March 4, 2017 by bridgitgillis
Being a new hot tub owner, I approached winter with much fear and trepidation. I didn’t know what to expect. Not familiar with using a hot tub in the winter, much less caring for one, I wasn’t sure that it would be worth the hassle and operating costs. I did some research on the subject and decided to try it out for the season.
It is now March, and although we still have lots of snow and cold weather left, I thought I would share my experience for those of you who are wondering whether a winter hot tub is right for you. I live in South-central Alaska, where the winter temperatures fluctuate between a brisk -20*F up to 35*F. Keep in mind that what works for me and my specific hot tub may not be the best option for you, your hot tub, or where you live. When in doubt, always consult your owner’s manual or a local hot tub dealer familiar with your climate and specific needs.
I knew that once I decided to keep my hot tub running through winter, I was locked into that decision. When the outdoor temperatures start dipping below freezing, it is next to impossible to drain your tub without putting it at risk for freezing in the process.
We got our hot tub in early August, and since it was used we cleaned it and flushed the pipes with a line flush product. Some sources say that hot tubs should be drained and cleaned every 3-4 months. This is ideal when the hot tub is located in a more mild climate. However, not knowing what winter will bring, it is best to drain and clean your hot tub in the fall to prepare it for the winter season and potentially a longer time of use before it can be properly drained and cleaned.
Other things to consider before winter hits are:
- Ease of snow removal from around the hot tub
- Proximity of hot tub to roof line- will snow melt drip onto or in your hot tub?
- Outdoor lighting for dark winter nights
- Benefits of a lid lift system that keeps the lid off of the snowy ground
There is something novel about sitting in a hot tub surrounded by frozen tundra. The snow is pretty to look at, and my neighborhood is so much quieter on winter nights. Alaskan summers are rarely dark enough to see the stars, so it is a special treat to see the stars from the comforts of my warm hot tub on clear winter nights.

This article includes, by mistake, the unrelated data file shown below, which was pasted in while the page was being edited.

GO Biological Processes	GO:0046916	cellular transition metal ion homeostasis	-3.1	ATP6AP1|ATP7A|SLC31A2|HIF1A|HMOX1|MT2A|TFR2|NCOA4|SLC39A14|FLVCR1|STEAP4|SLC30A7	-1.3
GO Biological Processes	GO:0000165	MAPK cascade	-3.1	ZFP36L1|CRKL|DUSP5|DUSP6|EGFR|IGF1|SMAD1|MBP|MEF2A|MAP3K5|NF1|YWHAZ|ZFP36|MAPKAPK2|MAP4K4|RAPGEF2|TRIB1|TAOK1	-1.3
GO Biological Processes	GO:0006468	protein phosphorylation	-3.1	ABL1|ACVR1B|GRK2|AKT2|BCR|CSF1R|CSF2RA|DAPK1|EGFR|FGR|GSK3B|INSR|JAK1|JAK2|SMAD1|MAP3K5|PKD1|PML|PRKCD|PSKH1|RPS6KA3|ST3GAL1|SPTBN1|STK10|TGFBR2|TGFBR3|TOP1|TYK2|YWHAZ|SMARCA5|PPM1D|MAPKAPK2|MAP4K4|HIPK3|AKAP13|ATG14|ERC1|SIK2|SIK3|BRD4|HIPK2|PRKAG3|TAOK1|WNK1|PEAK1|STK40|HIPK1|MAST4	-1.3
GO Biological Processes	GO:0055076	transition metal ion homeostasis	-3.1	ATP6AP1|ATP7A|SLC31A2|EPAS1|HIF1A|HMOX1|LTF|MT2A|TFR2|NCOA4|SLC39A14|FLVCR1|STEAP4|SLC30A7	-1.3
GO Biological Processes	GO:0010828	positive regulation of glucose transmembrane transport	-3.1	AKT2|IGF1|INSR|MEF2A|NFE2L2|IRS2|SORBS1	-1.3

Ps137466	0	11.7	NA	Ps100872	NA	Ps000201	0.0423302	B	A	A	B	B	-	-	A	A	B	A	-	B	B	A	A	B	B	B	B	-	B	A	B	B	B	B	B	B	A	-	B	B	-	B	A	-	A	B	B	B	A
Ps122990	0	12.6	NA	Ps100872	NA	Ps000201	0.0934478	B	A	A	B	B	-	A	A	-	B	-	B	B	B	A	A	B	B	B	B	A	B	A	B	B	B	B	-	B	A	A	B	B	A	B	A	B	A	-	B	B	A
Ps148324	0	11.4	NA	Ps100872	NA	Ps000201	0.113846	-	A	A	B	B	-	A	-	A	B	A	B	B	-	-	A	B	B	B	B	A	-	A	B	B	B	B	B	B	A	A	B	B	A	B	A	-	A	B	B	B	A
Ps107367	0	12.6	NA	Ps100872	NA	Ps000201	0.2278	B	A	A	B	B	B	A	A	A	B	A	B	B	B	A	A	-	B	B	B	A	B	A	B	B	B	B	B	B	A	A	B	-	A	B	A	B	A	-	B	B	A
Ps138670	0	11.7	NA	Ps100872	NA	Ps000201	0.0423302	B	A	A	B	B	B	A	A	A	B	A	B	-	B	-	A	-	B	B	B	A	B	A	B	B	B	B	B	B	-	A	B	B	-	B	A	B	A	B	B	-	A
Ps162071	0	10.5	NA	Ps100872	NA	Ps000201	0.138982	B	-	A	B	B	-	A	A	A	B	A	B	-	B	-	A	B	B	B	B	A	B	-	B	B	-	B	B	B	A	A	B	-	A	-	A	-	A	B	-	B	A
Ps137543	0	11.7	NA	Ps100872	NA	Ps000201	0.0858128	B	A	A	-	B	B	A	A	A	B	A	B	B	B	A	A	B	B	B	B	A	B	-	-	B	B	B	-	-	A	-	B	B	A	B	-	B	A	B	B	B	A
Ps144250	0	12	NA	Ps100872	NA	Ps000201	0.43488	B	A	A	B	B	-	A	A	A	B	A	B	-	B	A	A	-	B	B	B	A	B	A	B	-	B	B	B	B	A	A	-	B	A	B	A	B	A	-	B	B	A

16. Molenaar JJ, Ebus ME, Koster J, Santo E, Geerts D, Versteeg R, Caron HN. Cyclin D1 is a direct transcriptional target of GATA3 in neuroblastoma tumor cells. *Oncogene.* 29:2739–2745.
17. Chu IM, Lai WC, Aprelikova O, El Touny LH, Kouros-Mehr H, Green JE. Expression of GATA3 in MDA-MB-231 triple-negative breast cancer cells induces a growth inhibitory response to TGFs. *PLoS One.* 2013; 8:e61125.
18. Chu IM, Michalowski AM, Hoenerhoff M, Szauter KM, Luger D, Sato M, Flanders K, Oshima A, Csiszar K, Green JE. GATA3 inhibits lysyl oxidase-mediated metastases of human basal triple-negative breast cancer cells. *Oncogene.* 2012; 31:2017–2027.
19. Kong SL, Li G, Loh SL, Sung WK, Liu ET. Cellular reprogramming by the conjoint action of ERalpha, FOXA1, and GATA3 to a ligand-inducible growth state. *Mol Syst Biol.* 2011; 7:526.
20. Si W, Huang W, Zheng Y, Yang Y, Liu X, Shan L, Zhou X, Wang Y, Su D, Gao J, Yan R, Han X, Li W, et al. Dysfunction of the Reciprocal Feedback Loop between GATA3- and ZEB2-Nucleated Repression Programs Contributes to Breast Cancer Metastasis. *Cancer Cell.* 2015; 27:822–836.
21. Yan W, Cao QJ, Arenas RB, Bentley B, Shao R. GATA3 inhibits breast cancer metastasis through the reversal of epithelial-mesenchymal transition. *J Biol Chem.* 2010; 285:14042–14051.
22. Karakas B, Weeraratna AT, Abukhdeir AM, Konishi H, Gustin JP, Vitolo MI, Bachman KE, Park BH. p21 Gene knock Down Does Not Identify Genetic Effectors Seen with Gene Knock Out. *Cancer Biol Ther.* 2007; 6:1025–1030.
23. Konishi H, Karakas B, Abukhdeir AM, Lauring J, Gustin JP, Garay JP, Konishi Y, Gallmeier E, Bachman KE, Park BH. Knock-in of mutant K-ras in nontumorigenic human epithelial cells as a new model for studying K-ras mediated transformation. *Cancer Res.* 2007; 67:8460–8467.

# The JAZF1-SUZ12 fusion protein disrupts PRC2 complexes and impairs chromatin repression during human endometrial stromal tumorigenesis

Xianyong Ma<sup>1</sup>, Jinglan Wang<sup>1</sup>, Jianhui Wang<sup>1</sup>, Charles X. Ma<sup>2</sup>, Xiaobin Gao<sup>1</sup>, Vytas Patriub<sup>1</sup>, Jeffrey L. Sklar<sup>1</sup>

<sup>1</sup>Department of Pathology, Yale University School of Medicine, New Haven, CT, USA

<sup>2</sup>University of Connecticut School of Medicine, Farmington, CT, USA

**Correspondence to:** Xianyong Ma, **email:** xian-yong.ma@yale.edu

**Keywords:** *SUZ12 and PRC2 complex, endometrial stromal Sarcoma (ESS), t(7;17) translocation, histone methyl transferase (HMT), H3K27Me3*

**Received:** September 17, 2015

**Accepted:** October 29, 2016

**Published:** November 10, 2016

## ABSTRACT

Snow removal is probably the most time-consuming maintenance item during the winter months for my hot tub. I’ve found that a push broom works well to clear off the lid. Every so often I need to shovel around the hot tub and clear the pile that’s accumulated from the push broom or from a lot of precipitation. I typically wait until a warmer day do the shoveling. If you have a lid lifter that goes to the ground, make sure to shovel around it so that it works properly.
It might be tempting to ignore the inch or two of snow on your lid and just flip it open, but even that small amount of snow could possibly damage your lid by stretching or tearing the seam in the middle. Notice the ice coming out from the side of the hot tub lid in the first picture. This is common. I usually just knock it off when I see it.
I’ve noticed that the snow and ice are hard on my lid, and winter use will most likely require a replacement sooner than if I only used the hot tub in the summer.
As far as chemical maintenance goes, I’ve noticed that it takes a bit more motivation to check the levels of my water in the winter, especially when it’s dark before I get home from work. If I happen to get in the hot tub when it’s light out, I take a cleaning sponge out with me to clean the head rests and other items that might get yucky.
For me, the extra effort of maintaining my hot tub in the winter is worth it. Despite the colder winter temperatures, I typically use my hot tub 2-4 times a week, and have found it comfortable in temperatures down to 0*F. I could probably even use it below 0*F but I haven’t been brave enough to try it!